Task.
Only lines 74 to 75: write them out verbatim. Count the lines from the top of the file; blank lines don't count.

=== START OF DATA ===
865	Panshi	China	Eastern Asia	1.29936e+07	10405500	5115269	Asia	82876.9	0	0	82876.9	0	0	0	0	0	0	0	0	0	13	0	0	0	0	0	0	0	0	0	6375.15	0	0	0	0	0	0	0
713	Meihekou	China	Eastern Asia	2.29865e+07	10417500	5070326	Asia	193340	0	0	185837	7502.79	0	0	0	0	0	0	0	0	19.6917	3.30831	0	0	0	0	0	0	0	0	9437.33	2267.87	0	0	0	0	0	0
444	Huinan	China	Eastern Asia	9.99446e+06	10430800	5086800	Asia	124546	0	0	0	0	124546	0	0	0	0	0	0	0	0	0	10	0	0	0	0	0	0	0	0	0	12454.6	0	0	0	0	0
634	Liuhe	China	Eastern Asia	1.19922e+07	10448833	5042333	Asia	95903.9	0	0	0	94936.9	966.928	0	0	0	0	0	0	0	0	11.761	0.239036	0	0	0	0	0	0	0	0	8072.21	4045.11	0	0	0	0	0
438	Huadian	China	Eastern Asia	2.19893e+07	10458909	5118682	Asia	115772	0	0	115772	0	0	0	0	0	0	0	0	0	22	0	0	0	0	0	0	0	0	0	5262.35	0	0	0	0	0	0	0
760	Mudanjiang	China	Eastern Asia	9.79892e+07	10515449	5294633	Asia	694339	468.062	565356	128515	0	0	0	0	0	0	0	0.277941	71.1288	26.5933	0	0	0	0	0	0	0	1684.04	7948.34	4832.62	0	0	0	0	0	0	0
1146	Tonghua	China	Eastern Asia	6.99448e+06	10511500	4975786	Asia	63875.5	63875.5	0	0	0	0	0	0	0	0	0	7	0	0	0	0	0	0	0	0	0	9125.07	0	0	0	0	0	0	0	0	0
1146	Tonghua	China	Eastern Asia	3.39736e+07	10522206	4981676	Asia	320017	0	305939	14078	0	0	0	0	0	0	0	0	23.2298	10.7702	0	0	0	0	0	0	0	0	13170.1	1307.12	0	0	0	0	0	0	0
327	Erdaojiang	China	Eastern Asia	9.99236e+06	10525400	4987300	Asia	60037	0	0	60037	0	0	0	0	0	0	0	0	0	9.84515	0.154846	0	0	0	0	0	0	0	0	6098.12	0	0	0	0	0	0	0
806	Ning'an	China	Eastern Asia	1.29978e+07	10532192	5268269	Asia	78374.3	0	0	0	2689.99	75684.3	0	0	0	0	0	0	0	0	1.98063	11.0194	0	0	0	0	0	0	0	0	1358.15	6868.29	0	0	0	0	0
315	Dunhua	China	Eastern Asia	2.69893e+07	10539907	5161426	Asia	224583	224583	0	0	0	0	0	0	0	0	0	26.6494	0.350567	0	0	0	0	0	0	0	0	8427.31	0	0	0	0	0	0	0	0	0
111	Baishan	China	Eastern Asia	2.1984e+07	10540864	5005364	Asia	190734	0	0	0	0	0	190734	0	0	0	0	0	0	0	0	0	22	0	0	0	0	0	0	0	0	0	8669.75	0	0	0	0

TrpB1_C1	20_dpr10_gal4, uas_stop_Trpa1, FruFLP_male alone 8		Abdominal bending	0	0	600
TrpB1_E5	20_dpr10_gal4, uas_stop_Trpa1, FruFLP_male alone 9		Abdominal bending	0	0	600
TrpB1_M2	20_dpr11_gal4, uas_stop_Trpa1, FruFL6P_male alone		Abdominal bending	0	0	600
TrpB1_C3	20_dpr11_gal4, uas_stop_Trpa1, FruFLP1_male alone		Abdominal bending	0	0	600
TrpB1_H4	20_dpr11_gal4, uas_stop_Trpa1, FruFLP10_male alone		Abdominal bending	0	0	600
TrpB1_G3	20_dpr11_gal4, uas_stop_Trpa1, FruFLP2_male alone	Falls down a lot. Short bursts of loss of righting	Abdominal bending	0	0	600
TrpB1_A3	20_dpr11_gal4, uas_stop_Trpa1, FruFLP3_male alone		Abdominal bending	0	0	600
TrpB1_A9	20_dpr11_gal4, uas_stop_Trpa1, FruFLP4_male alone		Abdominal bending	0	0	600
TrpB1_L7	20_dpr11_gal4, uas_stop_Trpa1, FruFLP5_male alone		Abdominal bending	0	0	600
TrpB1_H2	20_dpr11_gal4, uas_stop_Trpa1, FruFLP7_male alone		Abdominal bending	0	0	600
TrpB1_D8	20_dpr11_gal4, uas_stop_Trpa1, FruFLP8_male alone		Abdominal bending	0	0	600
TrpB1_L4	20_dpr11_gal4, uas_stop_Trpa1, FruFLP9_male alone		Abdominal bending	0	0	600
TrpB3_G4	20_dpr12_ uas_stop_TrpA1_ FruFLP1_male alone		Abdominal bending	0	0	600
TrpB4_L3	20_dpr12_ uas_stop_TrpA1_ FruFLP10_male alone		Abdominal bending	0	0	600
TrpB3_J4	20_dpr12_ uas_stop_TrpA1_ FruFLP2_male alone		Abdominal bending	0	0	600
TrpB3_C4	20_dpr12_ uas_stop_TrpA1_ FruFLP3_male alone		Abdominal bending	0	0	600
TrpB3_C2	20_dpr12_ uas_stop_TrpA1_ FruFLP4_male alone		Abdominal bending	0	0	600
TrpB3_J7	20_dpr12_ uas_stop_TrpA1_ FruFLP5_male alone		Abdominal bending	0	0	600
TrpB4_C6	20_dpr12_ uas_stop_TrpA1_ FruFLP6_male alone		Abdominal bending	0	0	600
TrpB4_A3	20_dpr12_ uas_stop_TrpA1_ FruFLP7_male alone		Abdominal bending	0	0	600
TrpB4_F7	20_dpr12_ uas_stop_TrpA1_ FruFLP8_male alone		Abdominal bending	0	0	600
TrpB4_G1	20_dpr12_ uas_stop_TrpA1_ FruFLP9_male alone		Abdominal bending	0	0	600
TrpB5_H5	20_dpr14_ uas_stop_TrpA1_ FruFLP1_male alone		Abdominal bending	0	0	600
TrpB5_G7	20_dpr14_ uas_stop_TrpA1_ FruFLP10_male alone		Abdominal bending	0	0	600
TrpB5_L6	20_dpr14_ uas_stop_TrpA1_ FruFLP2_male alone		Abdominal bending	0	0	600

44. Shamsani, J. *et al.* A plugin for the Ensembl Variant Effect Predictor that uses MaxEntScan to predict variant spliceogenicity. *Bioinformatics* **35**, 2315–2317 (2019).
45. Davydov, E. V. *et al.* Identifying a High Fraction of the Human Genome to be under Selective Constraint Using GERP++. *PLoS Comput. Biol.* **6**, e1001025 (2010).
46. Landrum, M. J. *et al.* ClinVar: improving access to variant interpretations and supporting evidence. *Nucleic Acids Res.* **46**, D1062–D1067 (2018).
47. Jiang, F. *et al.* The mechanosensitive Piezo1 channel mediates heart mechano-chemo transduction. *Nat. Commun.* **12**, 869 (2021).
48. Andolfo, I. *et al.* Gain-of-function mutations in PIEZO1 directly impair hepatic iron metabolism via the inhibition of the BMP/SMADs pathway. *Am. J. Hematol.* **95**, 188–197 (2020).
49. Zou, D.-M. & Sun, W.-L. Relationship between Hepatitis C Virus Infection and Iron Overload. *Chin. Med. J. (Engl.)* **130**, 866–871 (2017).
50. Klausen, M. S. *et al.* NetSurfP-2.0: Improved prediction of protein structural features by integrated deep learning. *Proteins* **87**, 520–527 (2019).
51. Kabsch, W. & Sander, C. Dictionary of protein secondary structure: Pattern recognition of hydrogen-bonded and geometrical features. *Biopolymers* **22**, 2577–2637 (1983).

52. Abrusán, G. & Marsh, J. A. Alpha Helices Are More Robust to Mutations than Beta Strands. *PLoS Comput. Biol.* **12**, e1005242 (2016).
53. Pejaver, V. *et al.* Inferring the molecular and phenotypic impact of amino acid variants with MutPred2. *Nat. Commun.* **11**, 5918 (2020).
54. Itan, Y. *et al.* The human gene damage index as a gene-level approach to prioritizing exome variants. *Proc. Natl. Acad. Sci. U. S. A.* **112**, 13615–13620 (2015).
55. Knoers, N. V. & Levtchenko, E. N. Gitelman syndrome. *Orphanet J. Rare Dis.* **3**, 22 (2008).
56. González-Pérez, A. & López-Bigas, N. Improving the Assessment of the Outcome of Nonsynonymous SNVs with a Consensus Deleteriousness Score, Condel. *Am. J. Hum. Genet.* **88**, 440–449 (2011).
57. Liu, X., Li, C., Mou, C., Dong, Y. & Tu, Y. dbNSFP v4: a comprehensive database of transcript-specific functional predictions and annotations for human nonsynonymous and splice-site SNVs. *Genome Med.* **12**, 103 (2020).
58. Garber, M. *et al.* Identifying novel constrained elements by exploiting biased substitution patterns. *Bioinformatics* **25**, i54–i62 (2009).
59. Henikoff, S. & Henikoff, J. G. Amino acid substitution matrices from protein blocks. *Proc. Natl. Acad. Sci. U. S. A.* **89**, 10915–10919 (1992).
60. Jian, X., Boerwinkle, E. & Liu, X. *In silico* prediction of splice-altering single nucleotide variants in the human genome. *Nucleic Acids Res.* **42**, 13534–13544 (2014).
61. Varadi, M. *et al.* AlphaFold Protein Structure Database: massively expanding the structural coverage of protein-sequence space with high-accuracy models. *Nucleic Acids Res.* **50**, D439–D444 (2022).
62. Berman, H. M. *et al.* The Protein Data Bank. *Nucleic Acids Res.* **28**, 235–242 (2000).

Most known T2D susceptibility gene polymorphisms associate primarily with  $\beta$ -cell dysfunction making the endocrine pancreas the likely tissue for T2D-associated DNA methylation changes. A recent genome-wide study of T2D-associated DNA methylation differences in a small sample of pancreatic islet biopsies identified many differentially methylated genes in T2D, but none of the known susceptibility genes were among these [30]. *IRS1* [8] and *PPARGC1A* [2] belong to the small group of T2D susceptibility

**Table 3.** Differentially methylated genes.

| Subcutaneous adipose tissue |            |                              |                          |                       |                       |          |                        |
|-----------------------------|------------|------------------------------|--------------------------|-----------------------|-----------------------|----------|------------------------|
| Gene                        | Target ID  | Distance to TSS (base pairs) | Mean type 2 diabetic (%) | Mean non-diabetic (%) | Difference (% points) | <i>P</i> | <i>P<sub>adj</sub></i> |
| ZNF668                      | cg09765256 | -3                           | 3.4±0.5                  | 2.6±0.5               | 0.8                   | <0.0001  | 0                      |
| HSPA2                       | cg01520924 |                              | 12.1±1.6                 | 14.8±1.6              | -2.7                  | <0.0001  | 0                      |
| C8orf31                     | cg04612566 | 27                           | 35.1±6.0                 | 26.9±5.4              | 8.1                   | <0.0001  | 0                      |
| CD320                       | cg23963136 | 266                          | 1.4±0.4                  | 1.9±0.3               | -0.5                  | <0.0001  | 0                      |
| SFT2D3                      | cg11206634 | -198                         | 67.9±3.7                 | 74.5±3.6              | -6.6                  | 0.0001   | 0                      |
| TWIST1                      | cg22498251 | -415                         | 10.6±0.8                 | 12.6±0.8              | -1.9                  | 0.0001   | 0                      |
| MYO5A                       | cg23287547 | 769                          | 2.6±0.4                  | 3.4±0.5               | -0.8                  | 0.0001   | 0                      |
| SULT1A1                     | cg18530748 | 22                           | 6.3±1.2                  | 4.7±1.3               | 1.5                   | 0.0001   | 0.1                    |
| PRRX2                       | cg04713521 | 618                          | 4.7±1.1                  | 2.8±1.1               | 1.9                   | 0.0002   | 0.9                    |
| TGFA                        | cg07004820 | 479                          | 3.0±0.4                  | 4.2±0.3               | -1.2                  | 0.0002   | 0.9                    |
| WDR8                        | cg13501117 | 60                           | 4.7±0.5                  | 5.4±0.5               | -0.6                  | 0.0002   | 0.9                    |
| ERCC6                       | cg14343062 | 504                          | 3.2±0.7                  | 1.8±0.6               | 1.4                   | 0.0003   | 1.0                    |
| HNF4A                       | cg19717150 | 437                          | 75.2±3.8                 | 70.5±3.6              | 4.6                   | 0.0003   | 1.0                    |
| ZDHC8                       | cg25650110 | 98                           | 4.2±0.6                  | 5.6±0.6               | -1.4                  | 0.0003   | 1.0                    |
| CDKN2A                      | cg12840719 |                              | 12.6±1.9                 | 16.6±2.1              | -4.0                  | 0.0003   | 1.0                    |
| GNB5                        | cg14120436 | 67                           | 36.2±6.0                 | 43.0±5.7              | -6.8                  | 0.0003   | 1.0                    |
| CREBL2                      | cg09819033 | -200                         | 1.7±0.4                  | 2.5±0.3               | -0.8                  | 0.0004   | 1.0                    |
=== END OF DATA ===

| HNF4A                       | cg19717150 | 437                          | 75.2±3.8                 | 70.5±3.6              | 4.6                   | 0.0003   | 1.0                    |
| ZDHC8                       | cg25650110 | 98                           | 4.2±0.6                  | 5.6±0.6               | -1.4                  | 0.0003   | 1.0                    |